Robert Kotlowitz, a pioneering public broadcaster at New York’s WNET who developed several public television series that became signature PBS programs — including a half-hour evening news show featuring Jim Lehrer and Robert MacNeil in 1973 — died Aug. 25 at his home in New York City after battling prostate cancer. He was 87. The New York Times described Kotlowitz as “a novelist and editor who reluctantly became a public television executive in 1971 and went on to help shape a lineup of homegrown and imported shows — including The MacNeil/Lehrer Report, Live at the Met, Dance in America and Brideshead Revisited — that represent a high-water mark in American television.”

Kotlowitz had just resigned from Harper’s Magazine in 1971 when John Jay Iselin, then the new president of WNET, offered him a job. Kotlowitz had never been inside a television studio.

Kickstarter-backed comic book will illustrate pubradio series on consciousness

The Peabody-winning pubradio program To the Best of Our Knowledge has successfully completed a $15,000 Kickstarter campaign to produce a comic book that will accompany an upcoming six-hour series. The series, Meet Your Mind: The Science of Consciousness, will air in November and December. Guests include famed brain researcher Oliver Sacks and Nobel laureates Eric Kandel and Daniel Kahneman. The comic book is intended to help illustrate Meet Your Mind. Jim Ottaviani, a writer who specializes in graphic novels about scientists, will pen the comic, and Natalie Nourigat will illustrate it.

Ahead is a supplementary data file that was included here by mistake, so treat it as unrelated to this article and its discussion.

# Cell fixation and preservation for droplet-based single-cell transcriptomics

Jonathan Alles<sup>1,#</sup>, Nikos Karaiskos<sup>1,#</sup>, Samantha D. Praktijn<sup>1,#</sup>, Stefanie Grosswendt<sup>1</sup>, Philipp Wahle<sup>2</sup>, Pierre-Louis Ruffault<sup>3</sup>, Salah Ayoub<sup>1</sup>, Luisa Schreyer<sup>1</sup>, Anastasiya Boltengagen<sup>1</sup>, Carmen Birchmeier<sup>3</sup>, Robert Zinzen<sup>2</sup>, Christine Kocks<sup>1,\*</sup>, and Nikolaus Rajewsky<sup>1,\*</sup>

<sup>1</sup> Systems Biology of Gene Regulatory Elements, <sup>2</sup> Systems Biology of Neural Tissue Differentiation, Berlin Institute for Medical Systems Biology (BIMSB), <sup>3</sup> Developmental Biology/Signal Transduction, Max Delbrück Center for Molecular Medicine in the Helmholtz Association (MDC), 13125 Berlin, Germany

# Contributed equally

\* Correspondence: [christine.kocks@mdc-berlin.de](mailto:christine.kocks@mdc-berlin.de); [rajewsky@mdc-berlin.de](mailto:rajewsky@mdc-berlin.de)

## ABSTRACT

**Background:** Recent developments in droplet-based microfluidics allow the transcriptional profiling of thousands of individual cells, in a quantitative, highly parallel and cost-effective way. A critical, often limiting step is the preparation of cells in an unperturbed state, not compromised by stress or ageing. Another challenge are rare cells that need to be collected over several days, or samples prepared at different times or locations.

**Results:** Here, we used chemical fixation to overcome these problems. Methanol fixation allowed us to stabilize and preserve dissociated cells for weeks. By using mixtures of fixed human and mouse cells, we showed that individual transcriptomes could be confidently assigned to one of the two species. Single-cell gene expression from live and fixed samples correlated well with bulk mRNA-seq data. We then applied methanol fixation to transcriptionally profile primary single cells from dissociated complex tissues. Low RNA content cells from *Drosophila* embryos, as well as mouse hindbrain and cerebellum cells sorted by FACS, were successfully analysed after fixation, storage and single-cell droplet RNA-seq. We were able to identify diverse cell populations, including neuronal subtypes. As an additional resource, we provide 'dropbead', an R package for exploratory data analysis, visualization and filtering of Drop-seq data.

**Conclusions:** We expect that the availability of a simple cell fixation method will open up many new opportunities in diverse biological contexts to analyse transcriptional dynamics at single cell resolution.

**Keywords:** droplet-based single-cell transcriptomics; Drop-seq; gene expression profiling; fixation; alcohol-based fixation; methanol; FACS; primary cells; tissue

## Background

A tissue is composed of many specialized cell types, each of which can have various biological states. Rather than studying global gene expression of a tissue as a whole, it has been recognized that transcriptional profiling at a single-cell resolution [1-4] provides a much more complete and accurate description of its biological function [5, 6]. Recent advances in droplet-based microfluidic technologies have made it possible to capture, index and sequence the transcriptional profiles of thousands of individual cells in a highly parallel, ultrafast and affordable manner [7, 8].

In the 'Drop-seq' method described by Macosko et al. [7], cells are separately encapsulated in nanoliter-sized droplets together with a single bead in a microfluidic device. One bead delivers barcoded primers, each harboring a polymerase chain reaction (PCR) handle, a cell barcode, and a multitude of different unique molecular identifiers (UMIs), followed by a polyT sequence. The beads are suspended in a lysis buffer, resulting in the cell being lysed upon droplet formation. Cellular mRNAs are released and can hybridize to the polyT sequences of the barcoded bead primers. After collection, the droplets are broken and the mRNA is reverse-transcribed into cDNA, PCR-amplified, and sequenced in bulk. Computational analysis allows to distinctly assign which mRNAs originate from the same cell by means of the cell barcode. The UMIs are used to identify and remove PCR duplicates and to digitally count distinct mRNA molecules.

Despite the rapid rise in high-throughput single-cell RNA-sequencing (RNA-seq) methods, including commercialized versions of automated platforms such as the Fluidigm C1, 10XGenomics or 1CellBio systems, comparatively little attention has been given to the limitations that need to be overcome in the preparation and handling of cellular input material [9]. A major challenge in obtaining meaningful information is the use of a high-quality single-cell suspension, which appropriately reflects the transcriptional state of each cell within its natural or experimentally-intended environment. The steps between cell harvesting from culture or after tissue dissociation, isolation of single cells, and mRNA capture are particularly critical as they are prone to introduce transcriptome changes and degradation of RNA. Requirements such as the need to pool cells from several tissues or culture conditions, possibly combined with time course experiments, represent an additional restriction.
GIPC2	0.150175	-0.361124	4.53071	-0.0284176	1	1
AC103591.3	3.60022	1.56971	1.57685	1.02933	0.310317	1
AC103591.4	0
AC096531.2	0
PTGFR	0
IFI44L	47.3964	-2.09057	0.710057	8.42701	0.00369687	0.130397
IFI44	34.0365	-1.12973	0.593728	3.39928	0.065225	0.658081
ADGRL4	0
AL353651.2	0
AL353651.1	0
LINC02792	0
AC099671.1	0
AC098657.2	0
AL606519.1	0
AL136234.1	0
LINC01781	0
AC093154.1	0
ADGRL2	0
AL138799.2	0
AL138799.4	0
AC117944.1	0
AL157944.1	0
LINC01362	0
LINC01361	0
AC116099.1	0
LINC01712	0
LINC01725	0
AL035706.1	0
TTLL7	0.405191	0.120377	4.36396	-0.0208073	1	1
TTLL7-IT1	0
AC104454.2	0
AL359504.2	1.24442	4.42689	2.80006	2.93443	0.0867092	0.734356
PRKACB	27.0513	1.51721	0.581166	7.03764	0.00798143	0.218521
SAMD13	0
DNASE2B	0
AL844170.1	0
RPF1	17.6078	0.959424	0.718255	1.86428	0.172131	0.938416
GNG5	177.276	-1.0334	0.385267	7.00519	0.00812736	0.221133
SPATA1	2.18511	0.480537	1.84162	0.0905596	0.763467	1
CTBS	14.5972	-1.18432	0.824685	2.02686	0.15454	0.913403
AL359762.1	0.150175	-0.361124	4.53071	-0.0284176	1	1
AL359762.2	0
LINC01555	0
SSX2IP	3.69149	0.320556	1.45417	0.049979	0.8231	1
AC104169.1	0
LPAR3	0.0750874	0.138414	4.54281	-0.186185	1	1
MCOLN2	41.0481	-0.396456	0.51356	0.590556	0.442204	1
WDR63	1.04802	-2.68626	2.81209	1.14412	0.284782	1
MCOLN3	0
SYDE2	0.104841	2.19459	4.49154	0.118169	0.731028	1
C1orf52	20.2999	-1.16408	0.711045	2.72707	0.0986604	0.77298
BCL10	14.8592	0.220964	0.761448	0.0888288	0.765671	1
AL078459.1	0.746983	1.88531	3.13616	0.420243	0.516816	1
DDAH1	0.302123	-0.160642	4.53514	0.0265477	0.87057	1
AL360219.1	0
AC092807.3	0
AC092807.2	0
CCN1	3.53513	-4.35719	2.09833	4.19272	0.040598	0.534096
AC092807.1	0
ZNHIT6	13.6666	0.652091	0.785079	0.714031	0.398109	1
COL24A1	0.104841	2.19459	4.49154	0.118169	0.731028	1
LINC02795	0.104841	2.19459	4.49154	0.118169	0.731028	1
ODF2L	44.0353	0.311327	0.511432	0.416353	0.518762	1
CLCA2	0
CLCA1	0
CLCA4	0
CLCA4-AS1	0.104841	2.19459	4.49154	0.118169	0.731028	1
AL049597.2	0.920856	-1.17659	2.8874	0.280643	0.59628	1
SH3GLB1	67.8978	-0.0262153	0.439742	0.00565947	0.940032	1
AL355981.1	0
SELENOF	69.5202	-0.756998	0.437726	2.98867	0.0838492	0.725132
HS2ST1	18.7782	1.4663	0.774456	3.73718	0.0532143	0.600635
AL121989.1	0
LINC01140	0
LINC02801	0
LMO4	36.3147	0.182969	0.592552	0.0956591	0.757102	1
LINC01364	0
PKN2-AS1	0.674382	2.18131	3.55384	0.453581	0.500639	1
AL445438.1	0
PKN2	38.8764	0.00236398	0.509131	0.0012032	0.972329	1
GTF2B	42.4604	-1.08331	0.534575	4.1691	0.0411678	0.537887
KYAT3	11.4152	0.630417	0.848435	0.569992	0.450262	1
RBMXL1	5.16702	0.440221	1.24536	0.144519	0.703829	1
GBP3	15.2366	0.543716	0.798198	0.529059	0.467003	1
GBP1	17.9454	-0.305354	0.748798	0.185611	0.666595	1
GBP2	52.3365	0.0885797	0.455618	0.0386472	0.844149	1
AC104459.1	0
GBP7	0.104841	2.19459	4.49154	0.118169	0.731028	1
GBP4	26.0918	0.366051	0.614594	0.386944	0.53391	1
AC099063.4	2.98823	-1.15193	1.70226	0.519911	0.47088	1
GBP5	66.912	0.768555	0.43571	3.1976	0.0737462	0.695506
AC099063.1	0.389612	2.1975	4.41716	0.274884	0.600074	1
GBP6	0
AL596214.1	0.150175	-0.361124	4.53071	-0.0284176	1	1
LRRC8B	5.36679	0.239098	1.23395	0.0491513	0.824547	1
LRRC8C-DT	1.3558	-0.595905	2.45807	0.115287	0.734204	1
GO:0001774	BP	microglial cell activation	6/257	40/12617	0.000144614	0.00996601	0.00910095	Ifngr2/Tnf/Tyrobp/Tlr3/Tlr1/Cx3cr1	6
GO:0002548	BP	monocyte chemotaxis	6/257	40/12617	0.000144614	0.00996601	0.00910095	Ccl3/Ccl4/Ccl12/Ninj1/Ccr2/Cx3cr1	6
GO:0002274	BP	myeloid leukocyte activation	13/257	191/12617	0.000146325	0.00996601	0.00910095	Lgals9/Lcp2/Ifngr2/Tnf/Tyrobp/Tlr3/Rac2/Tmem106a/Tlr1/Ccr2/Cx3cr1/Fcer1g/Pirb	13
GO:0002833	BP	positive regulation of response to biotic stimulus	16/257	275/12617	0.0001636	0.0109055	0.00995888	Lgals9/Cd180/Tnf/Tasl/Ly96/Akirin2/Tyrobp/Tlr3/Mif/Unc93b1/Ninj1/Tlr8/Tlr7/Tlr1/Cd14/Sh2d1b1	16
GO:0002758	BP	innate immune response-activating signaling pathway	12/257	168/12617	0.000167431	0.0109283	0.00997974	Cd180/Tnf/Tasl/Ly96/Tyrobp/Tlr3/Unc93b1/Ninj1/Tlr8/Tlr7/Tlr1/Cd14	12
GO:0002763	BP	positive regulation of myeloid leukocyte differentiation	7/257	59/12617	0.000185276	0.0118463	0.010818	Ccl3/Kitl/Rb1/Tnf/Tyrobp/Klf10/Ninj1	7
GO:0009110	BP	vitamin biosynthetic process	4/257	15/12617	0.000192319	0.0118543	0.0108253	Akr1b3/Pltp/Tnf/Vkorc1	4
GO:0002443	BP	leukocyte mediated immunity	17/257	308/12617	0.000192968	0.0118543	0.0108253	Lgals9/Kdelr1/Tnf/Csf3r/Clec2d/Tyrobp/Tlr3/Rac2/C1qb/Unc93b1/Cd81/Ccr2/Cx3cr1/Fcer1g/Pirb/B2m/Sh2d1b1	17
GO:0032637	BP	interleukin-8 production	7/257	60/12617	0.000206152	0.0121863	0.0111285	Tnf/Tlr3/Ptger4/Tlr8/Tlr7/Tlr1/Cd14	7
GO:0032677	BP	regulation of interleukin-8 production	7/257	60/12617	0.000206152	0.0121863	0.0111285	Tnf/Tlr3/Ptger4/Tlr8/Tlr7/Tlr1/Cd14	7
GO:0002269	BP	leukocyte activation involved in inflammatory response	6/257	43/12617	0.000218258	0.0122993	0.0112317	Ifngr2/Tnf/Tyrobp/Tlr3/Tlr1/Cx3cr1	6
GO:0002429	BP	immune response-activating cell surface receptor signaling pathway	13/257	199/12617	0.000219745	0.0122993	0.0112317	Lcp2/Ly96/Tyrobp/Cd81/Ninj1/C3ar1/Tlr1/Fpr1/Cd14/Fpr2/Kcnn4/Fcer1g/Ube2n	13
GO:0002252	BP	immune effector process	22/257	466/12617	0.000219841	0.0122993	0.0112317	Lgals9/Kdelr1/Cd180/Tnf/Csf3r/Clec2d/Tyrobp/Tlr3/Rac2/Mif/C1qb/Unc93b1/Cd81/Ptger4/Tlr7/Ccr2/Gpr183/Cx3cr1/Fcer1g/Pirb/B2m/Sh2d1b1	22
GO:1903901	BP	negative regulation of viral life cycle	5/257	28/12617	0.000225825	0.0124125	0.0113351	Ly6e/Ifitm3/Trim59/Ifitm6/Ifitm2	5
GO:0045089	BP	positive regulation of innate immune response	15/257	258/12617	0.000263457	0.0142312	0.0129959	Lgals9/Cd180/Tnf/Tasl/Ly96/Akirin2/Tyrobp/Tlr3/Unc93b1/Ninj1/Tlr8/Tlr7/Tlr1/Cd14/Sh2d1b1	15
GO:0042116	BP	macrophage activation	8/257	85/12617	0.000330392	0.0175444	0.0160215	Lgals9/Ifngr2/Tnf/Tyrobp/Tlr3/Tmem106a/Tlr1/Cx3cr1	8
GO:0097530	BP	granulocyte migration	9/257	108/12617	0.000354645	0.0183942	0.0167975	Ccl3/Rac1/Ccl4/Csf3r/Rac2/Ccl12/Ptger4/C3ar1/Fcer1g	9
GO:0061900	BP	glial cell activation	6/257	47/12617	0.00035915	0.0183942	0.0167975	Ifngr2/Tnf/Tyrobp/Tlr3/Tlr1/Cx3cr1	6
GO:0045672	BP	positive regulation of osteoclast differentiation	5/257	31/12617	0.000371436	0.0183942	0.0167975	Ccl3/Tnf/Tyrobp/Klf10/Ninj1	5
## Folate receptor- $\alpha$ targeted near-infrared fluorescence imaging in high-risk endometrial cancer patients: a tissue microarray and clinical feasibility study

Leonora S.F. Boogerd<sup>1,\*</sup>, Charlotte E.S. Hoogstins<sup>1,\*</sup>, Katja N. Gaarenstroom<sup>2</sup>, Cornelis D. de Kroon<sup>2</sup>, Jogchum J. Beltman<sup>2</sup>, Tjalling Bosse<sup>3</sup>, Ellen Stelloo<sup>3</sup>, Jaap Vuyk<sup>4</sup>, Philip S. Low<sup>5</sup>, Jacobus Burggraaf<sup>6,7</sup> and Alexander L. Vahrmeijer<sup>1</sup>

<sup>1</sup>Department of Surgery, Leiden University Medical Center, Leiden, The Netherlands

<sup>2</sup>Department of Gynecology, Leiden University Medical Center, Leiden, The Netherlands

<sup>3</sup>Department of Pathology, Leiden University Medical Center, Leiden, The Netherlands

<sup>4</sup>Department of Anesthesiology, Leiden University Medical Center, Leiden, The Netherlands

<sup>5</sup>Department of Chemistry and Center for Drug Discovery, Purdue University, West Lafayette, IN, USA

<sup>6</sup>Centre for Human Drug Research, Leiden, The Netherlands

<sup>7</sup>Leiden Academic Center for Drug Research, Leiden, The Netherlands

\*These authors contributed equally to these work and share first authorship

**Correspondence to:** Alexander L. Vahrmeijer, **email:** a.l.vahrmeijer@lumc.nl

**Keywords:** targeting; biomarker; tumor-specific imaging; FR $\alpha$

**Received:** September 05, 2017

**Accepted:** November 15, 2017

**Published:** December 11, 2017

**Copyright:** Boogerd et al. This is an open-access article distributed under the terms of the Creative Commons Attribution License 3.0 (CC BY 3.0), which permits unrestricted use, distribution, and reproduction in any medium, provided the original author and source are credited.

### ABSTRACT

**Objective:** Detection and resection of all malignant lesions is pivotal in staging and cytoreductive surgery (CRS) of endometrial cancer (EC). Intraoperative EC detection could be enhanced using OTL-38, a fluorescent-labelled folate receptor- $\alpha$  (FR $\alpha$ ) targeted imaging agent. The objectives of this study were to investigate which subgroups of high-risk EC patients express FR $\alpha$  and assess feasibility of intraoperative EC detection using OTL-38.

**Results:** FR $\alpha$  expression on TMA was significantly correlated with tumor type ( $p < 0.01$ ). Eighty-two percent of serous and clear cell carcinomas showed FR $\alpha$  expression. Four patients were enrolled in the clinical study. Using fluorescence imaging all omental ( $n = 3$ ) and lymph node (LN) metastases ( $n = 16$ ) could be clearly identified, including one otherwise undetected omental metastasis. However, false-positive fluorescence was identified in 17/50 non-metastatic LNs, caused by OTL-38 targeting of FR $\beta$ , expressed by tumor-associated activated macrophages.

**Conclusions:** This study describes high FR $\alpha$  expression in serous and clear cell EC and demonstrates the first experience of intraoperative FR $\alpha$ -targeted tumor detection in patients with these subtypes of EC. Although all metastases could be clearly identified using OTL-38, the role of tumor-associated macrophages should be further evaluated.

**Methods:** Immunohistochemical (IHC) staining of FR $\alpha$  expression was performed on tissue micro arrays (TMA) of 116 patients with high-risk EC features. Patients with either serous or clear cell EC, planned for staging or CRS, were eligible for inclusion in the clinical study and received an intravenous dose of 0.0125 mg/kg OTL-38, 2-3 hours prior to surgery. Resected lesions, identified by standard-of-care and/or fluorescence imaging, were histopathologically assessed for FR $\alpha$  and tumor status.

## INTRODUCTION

WNYC, EarthFix lead pubmedia’s award winners at ONA 2012

SAN FRANCISCO — Public media continues to earn accolades for its online innovations, as multiple outlets racked up trophies at the Online News Association’s awards ceremony Sept. 22. Hosted by PBS NewsHour correspondent Hari Sreenivasan, the gala banquet sought to honor the year’s best work in online journalism across all media outlets. Award categories reflect the size of the operation: small sites, with fewer than 25 full-time employees; medium, more than 25 but fewer than 100; and large, more than 100. With two trophies each, public broadcasting’s big winners were WNYC in New York and EarthFix, the CPB-backed Local Journalism Center focusing on environment issues in the Pacific Northwest.

NPR seeks deal to offer CRM to more stations

NPR Digital Services is negotiating with an unidentified vendor to provide cloud-computing products to member stations, potentially transforming the ways they manage their membership programs and relationships with audiences. Bob Kempf, chief of the Boston-based NPR unit, would not identify the vendor, but acknowledges that NPR has been in close negotiations with roundCorner, a three-year-old company that specializes in designing customer relationship management (CRM) systems for nonprofit organizations. He aims to have a master services agreement with a third-party vendor in place by the end of the year, and launch a pilot program with as many as 10 stations in early 2013. NPR’s goal, he says, is to offer all member stations the opportunity to buy a license to a cloud-based, customizable CRM product later next year. “We are not building a single platform in the sky for stations to sign on to,” Kempf says.

NPR budget for 2013 projects $5 million deficit

The 2013 budget approved by the NPR Board Sept. 14 projects a $5.1 million operating deficit, with expenses adding up to $185.5 million and revenues projected at $180.4 million. Management plans to cover the shortfall with working capital and operating reserves. The 2013 spending plan anticipates a 5 percent gain in sponsorship income, which fell far behind projections this year. NPR expects to close fiscal 2012, which ends Sept.

CPB IG audit questions spending by Capitol News Connection